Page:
This is basically Sailor Moon with a wooden sword.
The only interesting part of the game is the stamina meter which regenerates slowly and is depleted by using your attacks. Fully charged, it delivers this massive energy attack; at lesser charge, it will shoot out a small beam thing; and at little or no charge, it will create a small wind slash with short range.
I was never really into Sailor Moon, and I’m not really into this game. It’s not very good. But it makes me wonder about game development at the time. How many people worked on the story? What about graphics and animations? The engine and code? How long did it take to make? How intense was its playtesting?
A single person could make this game, if they had some basic knowledge of coding or even access to something like Macromedia Fusion or some other easy-to-use game making software, and a decent hand for sprite art. It’s not hard. It would take maybe a year, at most. How much money was spent on this game back when it came out? How many man hours were spent on it? How many people bought it for $80, or even $100 if they bought it at the particularly expensive phase of the SNES’s life?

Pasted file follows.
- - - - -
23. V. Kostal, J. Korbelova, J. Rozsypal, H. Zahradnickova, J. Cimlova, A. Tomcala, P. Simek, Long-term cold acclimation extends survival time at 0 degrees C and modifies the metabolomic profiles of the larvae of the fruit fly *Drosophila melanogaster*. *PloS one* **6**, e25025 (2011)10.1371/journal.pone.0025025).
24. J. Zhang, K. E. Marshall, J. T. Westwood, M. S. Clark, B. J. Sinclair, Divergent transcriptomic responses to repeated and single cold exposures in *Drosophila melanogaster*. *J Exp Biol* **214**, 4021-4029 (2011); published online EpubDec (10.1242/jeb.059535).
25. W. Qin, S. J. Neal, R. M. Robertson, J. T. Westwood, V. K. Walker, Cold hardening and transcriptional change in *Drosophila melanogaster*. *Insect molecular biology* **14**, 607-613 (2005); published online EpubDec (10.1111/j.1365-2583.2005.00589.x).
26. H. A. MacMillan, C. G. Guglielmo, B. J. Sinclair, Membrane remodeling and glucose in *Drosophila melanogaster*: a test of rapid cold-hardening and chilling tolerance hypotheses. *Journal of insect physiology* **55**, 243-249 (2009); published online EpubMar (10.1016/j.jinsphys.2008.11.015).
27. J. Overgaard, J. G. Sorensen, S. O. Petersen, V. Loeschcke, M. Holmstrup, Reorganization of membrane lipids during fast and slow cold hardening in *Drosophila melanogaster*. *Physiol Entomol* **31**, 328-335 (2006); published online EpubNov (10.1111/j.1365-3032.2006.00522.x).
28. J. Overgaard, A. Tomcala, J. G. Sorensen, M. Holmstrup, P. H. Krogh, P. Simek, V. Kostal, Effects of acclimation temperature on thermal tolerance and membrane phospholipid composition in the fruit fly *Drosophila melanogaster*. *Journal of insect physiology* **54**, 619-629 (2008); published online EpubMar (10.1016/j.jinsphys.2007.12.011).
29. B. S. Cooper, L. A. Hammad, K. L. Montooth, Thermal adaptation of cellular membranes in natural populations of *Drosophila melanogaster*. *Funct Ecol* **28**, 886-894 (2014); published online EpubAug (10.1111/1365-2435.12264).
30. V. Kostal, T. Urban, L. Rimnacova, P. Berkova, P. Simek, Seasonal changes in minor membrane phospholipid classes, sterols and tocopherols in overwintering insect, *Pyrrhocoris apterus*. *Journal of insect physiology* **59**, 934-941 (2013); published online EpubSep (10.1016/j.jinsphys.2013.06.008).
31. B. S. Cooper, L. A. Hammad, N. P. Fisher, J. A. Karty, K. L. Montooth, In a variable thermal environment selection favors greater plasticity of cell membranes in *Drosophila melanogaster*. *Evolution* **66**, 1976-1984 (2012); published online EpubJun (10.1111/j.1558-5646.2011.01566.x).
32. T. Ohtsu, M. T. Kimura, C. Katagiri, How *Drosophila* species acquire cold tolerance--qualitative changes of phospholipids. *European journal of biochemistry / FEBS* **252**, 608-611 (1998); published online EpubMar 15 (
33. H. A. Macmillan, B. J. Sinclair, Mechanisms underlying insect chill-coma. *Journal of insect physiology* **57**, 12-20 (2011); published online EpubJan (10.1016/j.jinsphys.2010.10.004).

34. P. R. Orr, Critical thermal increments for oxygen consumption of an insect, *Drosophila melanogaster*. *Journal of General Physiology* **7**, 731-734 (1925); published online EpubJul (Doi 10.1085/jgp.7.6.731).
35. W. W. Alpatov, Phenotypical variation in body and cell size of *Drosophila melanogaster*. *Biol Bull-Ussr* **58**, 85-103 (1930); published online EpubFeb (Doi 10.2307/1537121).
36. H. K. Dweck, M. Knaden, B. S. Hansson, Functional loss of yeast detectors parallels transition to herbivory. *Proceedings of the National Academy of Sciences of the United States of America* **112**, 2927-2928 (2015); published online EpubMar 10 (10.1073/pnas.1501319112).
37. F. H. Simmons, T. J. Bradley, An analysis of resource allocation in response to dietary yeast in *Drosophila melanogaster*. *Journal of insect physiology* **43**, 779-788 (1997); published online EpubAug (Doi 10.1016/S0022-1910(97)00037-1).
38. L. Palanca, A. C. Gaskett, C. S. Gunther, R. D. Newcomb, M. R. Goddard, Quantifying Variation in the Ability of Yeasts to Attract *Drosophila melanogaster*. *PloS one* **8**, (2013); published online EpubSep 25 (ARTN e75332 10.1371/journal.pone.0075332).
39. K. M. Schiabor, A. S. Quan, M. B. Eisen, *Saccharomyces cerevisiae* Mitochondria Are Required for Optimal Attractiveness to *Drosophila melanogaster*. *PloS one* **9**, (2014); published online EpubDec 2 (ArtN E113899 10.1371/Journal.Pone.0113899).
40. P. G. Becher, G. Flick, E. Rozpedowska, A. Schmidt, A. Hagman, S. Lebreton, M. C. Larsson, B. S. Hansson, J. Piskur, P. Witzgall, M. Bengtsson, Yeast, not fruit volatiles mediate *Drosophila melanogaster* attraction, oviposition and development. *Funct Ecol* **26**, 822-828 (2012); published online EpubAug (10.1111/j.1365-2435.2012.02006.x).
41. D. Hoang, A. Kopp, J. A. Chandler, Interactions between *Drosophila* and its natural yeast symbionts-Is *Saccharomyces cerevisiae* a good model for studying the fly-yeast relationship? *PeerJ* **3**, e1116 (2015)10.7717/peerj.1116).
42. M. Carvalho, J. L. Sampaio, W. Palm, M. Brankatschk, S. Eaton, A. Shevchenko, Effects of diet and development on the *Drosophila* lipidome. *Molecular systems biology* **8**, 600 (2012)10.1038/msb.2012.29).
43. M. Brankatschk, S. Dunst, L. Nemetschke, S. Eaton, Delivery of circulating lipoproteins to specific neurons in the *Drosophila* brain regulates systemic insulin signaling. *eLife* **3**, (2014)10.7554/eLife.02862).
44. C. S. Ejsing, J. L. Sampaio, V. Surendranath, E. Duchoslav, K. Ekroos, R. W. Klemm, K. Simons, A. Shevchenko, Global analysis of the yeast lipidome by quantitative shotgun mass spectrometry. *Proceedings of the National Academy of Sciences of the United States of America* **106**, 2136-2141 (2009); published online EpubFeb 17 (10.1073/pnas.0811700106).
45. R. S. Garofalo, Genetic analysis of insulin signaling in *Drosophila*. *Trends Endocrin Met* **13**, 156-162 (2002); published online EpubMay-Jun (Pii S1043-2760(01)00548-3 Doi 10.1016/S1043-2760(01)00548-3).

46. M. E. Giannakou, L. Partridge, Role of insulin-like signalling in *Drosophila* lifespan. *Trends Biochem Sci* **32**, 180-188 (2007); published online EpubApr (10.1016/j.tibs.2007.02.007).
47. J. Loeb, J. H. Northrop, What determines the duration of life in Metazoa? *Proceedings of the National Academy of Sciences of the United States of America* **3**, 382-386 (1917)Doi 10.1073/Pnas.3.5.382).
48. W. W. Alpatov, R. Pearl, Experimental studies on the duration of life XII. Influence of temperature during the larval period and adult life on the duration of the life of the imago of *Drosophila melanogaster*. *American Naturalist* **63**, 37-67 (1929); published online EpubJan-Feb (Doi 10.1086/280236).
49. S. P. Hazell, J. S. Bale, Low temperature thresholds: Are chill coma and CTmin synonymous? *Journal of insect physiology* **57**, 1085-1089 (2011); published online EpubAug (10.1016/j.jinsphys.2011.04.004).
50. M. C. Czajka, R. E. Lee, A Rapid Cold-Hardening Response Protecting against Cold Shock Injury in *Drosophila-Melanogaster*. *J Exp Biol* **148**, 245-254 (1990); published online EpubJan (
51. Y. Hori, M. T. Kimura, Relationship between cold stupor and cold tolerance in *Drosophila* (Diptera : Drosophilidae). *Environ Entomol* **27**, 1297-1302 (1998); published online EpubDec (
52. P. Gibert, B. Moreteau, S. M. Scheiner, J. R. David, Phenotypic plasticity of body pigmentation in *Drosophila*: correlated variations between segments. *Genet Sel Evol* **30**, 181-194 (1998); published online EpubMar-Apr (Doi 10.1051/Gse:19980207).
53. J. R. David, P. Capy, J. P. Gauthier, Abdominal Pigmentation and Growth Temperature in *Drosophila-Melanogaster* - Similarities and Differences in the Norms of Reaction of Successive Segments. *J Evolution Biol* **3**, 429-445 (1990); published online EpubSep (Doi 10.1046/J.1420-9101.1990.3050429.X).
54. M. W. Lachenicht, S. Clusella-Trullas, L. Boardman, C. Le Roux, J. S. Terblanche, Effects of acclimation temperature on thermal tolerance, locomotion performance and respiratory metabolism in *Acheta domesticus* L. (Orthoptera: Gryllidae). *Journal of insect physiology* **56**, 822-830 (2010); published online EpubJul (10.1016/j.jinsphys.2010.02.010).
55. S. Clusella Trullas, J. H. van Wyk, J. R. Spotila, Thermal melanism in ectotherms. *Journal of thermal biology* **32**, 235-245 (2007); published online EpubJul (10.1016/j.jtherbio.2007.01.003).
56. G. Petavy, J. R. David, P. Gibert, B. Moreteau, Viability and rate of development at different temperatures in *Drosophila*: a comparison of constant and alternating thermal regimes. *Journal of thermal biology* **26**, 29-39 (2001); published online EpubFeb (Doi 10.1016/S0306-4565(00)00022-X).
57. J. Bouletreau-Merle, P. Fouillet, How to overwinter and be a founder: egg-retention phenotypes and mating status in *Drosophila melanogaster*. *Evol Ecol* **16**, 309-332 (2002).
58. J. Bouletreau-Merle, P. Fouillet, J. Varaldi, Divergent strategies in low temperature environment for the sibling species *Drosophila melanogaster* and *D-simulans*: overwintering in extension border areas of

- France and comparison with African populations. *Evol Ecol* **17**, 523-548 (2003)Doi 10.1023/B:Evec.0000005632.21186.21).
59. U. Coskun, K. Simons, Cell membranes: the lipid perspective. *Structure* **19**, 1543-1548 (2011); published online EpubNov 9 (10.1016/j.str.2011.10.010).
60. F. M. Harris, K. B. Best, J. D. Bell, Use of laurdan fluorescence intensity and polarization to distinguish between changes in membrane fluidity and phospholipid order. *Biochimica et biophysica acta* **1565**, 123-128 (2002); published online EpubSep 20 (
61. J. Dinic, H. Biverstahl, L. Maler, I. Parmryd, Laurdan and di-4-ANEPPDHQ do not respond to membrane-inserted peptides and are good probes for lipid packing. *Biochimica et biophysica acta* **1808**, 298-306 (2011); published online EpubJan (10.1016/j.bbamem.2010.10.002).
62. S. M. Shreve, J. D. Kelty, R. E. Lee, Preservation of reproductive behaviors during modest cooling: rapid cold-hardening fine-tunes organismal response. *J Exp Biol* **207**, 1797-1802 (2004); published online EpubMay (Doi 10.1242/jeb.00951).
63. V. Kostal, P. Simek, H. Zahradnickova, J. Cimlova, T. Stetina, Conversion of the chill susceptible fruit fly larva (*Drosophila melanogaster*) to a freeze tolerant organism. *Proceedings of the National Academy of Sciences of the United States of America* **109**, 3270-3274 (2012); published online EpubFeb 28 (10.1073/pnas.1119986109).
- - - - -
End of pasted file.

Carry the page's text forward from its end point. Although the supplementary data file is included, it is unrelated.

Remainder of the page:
It boggles the mind, really. I’ve made a simple 2d platformer myself. It was really hard, pretty buggy, and had only basic animation. I also stole the boss music from RPG Maker 2000. It took me maybe a month of occasional effort. Now, indie studios make much more impressive games than this and sell them for pocket change on the iPhone, on PSN, on XBLA, on Steam. Look how far we’ve come.
Kendo Rage is boring and flat, but it inspires me in a way, because I feel like I could and should make a better game, with the help of maybe a few other people. It reminds me that crappy games have been published, and that some nerd in his basement can turn a good idea into something better than a published game. So thank you, Kendo Rage. I forgive you. Maybe you won’t be angry anymore.